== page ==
|Publication number||US4779375 A|
|Application number||US 07/132,482|
|Publication date||Oct 25, 1988|
|Filing date||Dec 14, 1987|
|Priority date||Dec 14, 1987|
|Publication number||07132482, 132482, US 4779375 A, US 4779375A, US-A-4779375, US4779375 A, US4779375A|
|Inventors||George H. Harder|
|Original Assignee||Harder George H|
|Export Citation||BiBTeX, EndNote, RefMan|
|Patent Citations (2), Referenced by (5), Classifications (4), Legal Events (4)|
|External Links: USPTO, USPTO Assignment, Espacenet|
This invention relates to an apparatus for a plant training stake and a method for training a plant to grow upright using said plant training stake.
It is common to use planting stakes in the planting and care of plants. It should be understood that the term "plants" as used herein may include trees, shrubs, perennials, annuals, vines, edible crops, ornamentals, and the like. Stakes hold a plant upright and carry its leaves and flowers up into the sunlight, helping the plant prosper. Sunlight acts on green chlorophyll in leaves to digest raw materials from soil and air (photosynthesis).
Certain plants traditionally requiring staking include tomato vines, roses, and many varieties of orchids. In these plants, the stems are too long and thin to be held erect even by the woody tissue of the stem.
In addition, the use of stakes generally on other plants can be advantageous to deal with a variety of conditions or problems that may be encountered by the farmer or gardener. Stakes provide support for the plant against winds, watering and heavy snow. They keep plants from sprawling on the ground and disturbing adjacent plants which can be a problem where space is limited. Stakes further ensure that a plant when fully grown, will have a strong, straight stem or trunk. For example, in the case of exhibition chrysanthemums, a strong, straight stem to support the prize-winning bloom is highly desired.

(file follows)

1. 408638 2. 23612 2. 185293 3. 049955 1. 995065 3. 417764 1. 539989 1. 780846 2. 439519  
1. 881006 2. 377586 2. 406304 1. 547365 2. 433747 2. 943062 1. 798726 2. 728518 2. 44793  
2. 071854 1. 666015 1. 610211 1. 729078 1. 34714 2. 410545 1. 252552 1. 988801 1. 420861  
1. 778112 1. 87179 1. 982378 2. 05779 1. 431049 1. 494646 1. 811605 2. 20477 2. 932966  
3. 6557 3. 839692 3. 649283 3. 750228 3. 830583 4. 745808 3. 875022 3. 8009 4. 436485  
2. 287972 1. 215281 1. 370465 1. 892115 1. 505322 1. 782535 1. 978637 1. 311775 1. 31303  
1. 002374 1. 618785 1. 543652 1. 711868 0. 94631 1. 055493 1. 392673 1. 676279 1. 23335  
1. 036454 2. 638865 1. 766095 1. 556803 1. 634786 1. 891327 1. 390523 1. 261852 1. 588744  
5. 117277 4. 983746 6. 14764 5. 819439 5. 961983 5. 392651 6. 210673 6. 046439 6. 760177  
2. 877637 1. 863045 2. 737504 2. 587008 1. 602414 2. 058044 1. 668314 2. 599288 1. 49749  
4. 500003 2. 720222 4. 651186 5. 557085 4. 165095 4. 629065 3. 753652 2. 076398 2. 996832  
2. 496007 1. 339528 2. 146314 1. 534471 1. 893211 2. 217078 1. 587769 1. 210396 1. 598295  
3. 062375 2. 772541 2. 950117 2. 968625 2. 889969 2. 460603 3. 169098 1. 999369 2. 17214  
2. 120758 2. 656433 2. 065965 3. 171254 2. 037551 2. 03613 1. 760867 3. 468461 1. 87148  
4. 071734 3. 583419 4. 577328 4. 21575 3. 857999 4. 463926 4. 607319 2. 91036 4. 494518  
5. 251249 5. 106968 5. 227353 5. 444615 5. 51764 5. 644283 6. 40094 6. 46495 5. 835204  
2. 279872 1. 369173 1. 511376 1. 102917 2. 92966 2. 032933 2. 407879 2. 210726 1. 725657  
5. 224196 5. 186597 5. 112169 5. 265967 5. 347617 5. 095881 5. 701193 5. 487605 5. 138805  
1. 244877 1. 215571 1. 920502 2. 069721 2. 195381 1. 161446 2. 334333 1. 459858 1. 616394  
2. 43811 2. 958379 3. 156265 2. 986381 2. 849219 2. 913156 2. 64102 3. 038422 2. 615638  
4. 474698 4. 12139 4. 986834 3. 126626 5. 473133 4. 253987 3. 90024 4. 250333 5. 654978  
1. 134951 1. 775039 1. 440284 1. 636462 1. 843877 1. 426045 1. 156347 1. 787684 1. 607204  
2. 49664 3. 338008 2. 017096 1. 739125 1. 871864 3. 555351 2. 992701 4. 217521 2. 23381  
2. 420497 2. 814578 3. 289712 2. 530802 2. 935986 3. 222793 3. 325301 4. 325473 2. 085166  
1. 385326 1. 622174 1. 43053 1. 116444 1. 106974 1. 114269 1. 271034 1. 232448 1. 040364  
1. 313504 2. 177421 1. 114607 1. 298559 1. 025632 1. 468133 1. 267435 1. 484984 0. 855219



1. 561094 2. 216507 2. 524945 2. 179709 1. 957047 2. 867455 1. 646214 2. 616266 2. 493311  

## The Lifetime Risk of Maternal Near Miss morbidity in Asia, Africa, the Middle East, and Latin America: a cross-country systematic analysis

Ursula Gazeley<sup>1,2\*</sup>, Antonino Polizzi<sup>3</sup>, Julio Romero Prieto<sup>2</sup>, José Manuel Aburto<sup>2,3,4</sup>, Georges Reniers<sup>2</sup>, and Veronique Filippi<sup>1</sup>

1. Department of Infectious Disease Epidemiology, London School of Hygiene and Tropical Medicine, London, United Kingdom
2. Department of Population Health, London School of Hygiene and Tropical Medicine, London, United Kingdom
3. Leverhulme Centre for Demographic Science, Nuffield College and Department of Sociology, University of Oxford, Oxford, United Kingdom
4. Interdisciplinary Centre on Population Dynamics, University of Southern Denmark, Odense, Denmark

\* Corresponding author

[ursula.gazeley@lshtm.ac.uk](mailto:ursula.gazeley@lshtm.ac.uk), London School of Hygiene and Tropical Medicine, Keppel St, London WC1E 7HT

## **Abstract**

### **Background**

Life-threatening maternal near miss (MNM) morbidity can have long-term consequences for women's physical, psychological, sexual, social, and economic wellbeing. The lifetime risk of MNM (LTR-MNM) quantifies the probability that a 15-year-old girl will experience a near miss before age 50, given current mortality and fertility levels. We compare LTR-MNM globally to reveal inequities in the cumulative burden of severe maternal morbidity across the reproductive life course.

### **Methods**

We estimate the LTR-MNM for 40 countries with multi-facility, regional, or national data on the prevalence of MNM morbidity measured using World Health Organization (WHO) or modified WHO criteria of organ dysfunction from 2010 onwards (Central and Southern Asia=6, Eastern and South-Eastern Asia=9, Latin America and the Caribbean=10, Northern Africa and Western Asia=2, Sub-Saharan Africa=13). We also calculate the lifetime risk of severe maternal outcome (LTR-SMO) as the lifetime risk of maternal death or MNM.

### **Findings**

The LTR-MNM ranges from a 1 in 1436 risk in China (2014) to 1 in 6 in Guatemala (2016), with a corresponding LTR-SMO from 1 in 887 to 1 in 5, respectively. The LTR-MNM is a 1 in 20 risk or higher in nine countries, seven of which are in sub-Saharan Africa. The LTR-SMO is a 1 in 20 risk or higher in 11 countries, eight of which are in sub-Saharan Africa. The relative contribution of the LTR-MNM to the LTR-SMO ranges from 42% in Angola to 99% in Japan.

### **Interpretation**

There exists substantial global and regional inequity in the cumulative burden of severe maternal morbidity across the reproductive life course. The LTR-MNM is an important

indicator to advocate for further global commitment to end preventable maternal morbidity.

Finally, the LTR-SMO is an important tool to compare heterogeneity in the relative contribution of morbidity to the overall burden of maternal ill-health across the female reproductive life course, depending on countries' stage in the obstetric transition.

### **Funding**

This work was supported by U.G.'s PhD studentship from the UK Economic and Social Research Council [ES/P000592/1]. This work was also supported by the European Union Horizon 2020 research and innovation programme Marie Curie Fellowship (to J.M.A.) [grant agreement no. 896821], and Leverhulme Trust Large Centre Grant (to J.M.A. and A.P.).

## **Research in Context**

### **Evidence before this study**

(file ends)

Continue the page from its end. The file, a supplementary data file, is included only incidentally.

There have been three alternatives in staking: brush staking, wire loops on wire support, and one or several garden stakes with ties. For brush staking, twiggy brush is assembled so that there is a finger-size main stick with plenty of twiggy branches growing from it, broom fashion. The plant is ringed with a dozen or more of the brushy sticks, butts pushed firmly into the soil. See for example, Good Housekeeping, Basic Gardening Techniques (1974), 157. Brush staking can compound a space problem and requires great effort in gathering, assembling, and using the brush as a stake.
Disadvantages are also associated with the use of wire loops on wire supports and clean stakes with ties. Weekly visits are required to add more ties and to check existing ties to ensure that the ties do not become too tight as the plant grows causing "girdling". "Girdling" refers to the choking of a branch by a wire, rope, or other inflexible material. It occurs most often in woody plants that have been too tightly tied to a stake or support. As the tied limb increases in girth, the tie fails to expand in diameter and cuts off supplies of nutrients and water to the part of the plant above the tie. If girdling goes unnoticed, the part of the plant above the constriction will die. See, Sunset Magazine, New Western Gardening Book, 1979, p. 508. Other drawbacks of the wire loops and clean stake alternatives have been recognized. When cutting off twigs or pruning the plants, the ties are generally required to be released from the stakes and this is time-consuming and complicated. Also, much like brush staking, the stakes form a "stick field" which is undesirable for aesthetic reasons. See, British Patent No. 944,096 published June 2, 1965. Moreover, the clean stakes are typically made from bamboo and redwood which may not withstand strong winds and can be easily broken.